(Scroll down to the previous 2 posts to see how different the scenery looked the day before!)
My favorite waterfall shots from a recent trip to Smoky Mountain National Park are those shot along Roaring Fork Motor Trail on that first, misty/drizzly day described in the previous post. The greens were astonishing and the moss on the rocks seemed neon and surreal. It was easy to get the silky water effect with the soft and diminished light. Apertures of f/14-f/22 and a 100 ISO paired with shutter speeds slow enough to achieve the correct exposure and result I wanted.
Being prepared for the weather meant everything to the success of the day. Here’s what you need to photograph in the rain:
1. A good rugged raincoat. My knee length raincoat kept me dry and comfortable. I always take it with me on trips and often use it when it’s not raining because it’s roomy enough to wear layers under-neath while acting as a wind-breaker. Hoods and ball-caps get in the way so wear a waterproof hat with a brim that doesn’t bump the camera when looking thru the viewfinder. 2. There are several products out there to keep your camera dry, including raincoats for your camera. I think the clear plastic (disposable or reusable) Rainsleeves by OpTech work great. They fit over your camera and lens and allow for tripod use. It does take some patience to work the controls thru the plastic but it’s doable. There’s a cord to tighten the sleeve around the lens and an opening to secure around the viewfinder. 3. Have an extra, soft towel handy to dry off your camera if it gets wet and an extra lens cloth for water spots. I’ve had my camera in the rain on several occasions and it’s weathered well. Try to keep you lens pointed down as much as possible and check it from time to time to make sure there are no water spots that will show up on your images.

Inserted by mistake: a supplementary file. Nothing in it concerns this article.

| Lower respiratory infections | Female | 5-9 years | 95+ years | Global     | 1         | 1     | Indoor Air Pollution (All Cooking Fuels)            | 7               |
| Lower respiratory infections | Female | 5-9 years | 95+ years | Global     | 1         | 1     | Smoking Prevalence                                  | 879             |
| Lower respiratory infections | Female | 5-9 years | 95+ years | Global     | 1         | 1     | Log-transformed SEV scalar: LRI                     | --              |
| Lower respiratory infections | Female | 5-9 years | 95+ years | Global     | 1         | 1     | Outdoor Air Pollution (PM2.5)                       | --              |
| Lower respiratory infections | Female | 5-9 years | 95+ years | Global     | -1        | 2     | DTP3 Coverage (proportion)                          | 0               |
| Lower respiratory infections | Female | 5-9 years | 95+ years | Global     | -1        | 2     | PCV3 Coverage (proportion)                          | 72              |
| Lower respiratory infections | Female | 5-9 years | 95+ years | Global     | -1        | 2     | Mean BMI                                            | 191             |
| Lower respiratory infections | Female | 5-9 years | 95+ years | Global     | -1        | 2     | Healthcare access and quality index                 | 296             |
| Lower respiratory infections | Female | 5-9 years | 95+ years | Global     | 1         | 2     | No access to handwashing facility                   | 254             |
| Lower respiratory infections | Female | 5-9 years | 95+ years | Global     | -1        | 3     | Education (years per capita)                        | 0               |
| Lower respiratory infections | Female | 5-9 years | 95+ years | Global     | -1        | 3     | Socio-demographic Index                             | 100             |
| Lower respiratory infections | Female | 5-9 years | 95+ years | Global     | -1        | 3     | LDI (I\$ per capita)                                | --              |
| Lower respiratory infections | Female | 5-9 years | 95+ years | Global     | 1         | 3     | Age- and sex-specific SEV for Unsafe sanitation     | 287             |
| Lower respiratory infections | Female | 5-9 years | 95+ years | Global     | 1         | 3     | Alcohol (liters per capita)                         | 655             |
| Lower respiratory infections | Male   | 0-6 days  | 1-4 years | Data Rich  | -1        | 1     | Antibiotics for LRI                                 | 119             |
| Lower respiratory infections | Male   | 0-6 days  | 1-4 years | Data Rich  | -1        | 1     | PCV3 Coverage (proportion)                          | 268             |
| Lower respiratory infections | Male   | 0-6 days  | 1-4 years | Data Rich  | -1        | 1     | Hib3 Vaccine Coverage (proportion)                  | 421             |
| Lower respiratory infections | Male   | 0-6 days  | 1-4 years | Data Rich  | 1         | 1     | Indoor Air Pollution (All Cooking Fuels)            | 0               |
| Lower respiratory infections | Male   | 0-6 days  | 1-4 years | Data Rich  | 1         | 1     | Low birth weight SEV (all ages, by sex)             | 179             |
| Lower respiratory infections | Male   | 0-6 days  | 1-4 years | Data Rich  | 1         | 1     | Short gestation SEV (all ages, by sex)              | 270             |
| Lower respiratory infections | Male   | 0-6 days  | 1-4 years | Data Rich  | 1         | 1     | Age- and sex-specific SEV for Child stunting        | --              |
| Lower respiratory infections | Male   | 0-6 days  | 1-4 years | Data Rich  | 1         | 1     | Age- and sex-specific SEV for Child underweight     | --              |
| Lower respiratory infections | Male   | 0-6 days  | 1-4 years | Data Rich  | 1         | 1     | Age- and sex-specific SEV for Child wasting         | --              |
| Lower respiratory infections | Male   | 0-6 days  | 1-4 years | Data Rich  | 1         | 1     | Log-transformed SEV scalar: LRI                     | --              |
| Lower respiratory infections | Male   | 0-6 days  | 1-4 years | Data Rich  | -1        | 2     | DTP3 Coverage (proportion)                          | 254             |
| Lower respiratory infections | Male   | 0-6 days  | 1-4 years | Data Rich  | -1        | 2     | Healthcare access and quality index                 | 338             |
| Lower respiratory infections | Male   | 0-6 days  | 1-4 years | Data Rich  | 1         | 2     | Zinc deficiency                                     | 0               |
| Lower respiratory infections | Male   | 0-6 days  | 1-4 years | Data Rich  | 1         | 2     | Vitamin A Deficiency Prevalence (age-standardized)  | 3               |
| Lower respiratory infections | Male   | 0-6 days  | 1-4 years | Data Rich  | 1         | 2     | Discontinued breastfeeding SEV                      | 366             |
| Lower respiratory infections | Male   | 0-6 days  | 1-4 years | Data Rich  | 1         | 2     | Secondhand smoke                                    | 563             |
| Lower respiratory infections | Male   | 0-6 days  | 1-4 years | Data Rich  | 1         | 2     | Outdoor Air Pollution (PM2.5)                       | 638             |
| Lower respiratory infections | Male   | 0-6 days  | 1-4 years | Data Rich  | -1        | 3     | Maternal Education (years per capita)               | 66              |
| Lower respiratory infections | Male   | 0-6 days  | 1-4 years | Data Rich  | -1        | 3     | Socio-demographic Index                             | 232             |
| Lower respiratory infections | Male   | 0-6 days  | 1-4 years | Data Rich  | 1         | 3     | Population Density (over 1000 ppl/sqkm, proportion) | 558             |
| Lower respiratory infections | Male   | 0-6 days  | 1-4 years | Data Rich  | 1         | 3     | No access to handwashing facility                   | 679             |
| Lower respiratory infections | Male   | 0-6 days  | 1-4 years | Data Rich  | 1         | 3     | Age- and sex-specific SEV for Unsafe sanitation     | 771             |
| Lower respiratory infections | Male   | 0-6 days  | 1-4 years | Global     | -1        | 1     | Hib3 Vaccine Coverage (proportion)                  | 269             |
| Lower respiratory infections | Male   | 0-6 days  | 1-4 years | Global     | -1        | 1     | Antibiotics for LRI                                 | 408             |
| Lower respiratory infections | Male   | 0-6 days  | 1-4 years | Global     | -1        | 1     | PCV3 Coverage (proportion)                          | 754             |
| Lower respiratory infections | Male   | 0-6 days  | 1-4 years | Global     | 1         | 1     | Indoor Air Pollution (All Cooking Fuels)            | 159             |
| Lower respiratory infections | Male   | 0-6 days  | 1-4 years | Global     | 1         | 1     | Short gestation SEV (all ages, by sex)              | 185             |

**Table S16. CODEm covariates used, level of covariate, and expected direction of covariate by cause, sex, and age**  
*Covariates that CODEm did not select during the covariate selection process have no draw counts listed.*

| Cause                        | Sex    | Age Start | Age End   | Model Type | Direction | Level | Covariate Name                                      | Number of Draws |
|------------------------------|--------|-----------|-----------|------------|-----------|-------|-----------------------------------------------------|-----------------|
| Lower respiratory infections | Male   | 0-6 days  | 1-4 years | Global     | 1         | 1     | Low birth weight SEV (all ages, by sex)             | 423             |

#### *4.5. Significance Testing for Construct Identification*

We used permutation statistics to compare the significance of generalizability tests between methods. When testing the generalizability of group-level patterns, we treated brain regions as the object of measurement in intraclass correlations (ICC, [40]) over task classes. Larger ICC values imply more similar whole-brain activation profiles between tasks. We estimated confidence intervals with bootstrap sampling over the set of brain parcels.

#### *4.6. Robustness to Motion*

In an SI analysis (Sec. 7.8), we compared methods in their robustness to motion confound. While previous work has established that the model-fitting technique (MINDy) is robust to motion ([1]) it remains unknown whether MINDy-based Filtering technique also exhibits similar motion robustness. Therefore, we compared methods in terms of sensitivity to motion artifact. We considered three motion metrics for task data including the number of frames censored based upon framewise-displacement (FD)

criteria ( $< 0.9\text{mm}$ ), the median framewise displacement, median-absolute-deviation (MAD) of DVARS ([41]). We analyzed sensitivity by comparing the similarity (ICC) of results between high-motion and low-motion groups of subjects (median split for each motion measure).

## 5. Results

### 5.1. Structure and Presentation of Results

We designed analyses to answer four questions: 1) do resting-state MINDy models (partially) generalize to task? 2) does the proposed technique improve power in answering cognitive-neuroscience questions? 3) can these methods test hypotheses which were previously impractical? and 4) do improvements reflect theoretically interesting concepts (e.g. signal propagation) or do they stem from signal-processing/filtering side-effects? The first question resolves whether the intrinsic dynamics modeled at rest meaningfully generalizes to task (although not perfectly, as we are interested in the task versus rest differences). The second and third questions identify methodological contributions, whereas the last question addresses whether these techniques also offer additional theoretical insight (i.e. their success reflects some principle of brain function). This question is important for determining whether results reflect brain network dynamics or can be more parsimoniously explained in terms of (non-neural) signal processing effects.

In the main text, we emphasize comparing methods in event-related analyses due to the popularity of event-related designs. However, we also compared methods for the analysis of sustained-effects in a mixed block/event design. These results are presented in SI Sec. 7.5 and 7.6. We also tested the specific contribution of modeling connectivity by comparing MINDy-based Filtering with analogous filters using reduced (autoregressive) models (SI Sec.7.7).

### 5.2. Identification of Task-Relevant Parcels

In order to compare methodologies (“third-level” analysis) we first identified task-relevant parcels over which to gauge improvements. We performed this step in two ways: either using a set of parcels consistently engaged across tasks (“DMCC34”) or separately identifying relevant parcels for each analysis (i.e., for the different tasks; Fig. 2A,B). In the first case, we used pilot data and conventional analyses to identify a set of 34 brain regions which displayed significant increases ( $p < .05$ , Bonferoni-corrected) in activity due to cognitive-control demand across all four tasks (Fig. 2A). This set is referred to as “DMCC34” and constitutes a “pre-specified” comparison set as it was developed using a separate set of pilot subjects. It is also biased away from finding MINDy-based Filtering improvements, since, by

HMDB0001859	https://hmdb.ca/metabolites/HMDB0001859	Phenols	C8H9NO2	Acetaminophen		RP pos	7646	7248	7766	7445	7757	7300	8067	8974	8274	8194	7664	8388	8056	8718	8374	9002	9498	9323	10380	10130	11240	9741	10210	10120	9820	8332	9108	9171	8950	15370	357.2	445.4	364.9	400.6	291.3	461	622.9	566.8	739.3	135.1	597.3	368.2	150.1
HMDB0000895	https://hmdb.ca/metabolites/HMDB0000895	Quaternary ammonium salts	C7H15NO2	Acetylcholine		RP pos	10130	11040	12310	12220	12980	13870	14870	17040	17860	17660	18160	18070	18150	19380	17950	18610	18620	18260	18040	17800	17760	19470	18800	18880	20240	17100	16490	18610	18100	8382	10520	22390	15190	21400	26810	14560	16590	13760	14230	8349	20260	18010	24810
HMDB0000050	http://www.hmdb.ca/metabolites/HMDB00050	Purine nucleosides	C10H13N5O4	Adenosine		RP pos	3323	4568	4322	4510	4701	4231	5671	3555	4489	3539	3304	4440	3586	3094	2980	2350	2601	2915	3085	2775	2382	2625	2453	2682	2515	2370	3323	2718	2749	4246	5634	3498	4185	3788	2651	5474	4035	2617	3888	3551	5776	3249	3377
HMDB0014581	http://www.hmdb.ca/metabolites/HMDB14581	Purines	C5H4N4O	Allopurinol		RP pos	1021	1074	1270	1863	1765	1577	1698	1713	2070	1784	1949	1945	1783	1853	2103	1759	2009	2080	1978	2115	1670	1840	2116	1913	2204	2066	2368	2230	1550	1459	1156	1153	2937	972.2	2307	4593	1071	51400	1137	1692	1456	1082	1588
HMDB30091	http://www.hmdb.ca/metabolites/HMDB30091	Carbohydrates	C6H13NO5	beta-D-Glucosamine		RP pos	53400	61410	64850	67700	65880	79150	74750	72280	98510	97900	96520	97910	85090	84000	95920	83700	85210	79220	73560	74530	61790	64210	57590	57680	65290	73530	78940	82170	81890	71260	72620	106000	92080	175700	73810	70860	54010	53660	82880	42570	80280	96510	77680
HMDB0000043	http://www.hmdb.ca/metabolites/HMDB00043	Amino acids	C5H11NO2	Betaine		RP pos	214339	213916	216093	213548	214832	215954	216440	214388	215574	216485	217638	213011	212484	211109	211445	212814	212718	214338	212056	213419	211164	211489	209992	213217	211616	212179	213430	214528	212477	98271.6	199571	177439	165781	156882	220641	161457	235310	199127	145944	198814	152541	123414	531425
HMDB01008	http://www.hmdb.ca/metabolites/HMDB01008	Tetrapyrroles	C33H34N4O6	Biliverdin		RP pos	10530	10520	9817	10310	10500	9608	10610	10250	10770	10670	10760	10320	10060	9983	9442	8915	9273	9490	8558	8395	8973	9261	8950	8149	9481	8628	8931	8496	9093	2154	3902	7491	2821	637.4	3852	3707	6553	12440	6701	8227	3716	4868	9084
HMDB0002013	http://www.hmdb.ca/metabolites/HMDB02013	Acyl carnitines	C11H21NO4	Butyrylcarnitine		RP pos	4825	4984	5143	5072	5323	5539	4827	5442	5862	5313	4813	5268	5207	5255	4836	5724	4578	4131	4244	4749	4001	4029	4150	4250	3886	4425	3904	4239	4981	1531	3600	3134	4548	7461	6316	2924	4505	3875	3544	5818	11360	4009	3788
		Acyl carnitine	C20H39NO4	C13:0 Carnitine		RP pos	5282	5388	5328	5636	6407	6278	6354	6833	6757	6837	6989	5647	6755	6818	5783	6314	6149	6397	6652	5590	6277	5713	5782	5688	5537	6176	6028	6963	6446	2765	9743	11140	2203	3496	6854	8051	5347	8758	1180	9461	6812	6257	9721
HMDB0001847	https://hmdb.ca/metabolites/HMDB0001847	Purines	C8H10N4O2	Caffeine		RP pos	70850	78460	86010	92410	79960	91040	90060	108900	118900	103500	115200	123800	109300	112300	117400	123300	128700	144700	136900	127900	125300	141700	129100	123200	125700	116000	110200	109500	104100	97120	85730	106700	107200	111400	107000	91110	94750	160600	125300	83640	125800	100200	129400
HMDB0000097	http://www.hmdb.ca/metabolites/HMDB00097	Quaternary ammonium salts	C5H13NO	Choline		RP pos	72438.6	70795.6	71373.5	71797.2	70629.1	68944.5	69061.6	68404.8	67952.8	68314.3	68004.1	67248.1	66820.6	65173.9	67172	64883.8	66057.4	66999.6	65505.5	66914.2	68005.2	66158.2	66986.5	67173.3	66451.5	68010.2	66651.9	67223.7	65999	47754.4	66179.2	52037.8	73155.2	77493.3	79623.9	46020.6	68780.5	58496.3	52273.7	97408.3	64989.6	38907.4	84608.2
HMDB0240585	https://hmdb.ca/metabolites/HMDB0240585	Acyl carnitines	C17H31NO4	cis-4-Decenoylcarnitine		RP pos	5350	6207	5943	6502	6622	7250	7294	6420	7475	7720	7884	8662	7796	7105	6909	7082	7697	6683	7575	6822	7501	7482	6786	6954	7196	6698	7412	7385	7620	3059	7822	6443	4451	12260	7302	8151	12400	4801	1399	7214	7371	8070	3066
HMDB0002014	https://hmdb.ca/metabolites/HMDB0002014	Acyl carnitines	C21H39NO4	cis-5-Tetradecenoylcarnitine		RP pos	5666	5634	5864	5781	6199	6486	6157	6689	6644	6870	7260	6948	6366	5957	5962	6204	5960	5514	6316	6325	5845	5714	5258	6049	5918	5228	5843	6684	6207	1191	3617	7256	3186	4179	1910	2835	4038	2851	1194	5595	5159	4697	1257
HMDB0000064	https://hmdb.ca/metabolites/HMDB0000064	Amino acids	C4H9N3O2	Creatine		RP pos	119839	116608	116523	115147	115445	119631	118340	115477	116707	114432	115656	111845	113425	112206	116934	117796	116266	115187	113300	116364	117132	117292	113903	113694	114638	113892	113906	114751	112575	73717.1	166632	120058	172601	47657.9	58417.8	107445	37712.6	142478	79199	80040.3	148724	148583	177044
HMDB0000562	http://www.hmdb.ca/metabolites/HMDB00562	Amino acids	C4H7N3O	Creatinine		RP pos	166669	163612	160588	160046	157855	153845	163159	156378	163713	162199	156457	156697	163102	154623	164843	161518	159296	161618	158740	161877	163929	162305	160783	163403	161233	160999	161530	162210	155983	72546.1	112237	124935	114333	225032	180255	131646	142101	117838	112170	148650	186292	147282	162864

Now, I don’t recommend an outdoor session if it’s pouring rain but photographing in a light rain can be fun if you have the right attitude. Spring is a perfect time for a shoot in the rain … try it!
On the first morning of a recent trip to the Tennessee side of Smoky Mountain National Park, my friend and I were greeted with a fine, misty rain. Equipped with rain sleeves to keep our cameras dry, we worked the cabin scenes along the Roaring Fork Motor Trail, capturing the soft light and ultra-saturated greens. At each site there was a plaque telling of those who had lived here, deep in the Smoky Mountains. I could almost hear the banjos and fiddles playing while imagining how it was, not so long ago. The cabins were open and offered a nice respite from the rain so I went in and photographed from the inside too. And, since the weather kept other tourists from venturing out, we enjoyed the quiet mood of the day.